May‘s role in the movie was almost always reserved for males but when a woman acts it out, it made the actions scarier because in these types of movies, we expect the woman to be the weak and screaming character. The part of the movie where she takes out her own eye and placed it on the Frankenstein-like monster she created was a significant and symbolical scene for me because she wanted the monster to see her using her own eye. In doing so, she hoped that this monster would be able to understand her actions and be her new friend. The monster may as well mirror the darker side of May and embody the physical qualities she desired for herself.

May had a similar feeling with Ginger Snaps except that it was more intelligent and had more depth in terms of the message it wants to convey to its viewers. I really liked how this film was written because it added a little humor to an otherwise twisted film.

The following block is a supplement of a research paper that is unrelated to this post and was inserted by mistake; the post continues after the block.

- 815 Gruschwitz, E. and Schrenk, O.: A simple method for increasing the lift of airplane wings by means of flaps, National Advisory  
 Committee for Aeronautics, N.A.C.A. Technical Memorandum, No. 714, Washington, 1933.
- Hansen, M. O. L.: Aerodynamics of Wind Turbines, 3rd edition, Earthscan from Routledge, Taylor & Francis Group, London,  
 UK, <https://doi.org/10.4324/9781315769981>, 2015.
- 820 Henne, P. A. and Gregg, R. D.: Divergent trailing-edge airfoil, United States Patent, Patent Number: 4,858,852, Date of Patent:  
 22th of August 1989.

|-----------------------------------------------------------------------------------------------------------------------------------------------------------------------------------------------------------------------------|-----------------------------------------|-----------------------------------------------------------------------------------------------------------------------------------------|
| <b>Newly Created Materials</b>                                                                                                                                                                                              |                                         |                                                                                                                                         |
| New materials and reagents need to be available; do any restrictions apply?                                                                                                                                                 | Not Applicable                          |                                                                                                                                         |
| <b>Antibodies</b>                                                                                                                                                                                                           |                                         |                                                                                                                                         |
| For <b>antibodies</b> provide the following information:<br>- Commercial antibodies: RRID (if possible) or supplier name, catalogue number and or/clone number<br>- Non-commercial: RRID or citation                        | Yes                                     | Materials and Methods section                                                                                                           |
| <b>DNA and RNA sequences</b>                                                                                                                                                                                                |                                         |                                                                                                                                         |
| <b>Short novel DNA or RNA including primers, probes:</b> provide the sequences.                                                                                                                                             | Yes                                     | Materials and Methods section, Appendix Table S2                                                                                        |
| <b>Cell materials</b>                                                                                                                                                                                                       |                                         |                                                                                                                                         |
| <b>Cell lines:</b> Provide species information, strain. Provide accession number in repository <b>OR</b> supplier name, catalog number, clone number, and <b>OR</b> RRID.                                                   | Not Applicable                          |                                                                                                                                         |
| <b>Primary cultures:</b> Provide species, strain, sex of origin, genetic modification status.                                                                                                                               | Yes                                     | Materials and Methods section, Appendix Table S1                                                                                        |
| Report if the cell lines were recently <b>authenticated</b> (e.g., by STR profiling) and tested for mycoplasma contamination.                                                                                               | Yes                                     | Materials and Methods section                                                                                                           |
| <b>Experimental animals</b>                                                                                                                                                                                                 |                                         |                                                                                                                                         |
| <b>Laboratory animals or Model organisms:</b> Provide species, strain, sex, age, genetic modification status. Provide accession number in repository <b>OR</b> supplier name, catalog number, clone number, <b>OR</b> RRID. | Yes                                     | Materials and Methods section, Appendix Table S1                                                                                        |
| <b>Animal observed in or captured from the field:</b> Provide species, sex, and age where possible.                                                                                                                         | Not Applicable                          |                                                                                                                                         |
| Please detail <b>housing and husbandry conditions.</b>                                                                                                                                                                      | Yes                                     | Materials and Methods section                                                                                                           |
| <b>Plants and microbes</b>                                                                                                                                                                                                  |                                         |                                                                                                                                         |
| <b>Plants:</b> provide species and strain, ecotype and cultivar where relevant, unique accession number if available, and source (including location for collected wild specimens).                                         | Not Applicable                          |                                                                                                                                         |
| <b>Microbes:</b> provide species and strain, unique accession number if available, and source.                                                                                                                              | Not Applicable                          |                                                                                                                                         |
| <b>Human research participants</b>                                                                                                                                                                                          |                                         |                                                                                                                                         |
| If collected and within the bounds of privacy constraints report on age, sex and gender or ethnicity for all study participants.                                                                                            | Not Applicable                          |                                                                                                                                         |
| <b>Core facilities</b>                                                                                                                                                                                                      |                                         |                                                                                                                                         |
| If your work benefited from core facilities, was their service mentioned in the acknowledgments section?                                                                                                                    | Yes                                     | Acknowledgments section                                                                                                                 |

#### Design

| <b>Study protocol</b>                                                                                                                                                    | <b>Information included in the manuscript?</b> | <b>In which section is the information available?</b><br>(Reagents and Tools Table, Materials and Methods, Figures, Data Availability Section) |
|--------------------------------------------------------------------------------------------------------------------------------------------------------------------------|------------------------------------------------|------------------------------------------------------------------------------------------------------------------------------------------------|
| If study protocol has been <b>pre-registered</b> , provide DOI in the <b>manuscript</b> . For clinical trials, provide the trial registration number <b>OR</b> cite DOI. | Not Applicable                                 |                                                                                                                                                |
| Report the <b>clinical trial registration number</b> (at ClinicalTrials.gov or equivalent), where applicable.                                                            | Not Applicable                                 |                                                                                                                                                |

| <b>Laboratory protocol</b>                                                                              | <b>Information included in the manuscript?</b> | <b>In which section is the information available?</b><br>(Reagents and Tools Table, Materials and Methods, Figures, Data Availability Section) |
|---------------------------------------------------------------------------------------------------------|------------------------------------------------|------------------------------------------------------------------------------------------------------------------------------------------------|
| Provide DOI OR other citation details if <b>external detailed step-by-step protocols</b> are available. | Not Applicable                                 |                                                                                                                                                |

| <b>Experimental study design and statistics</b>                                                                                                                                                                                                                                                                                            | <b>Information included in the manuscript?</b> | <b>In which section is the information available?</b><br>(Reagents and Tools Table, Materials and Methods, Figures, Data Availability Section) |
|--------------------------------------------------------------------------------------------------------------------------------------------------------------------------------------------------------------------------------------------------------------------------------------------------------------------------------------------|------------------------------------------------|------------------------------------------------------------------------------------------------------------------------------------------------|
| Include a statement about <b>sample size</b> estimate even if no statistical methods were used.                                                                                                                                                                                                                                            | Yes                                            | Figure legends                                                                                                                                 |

Happy Halloween


I have never seen Halloween before because I considered it to be in the same category as the Scream or the I Know What You Did film series. After watching these types of films, I have made it a point to never watch them again unless I need to because they are too repetitive and stereotypical without it intending to be, like The Cabin in the Woods. These types of movies were really popular in the late 90’s to the early 2000’s.

After looking up Halloween on the Internet, I found out that it was a reboot of some sorts of a franchise created back in 1978 which makes it parallel to the suspiciously similar Jason Voorhees film series that was created at almost the same time. It was probably a good thing that this was the very first film I have watched of the franchise and the first of this genre after a long while because this horror film class has enabled me to look at these types of films in a new perspective. Unlike the common slasher film which normally places the protagonists in the path of an unknown killer, Halloween actually explains how and why Michael Myers became the iconic killer of the series. As I have said before in my past reviews, explaining the story in a logical manner is a big factor of how I review a film.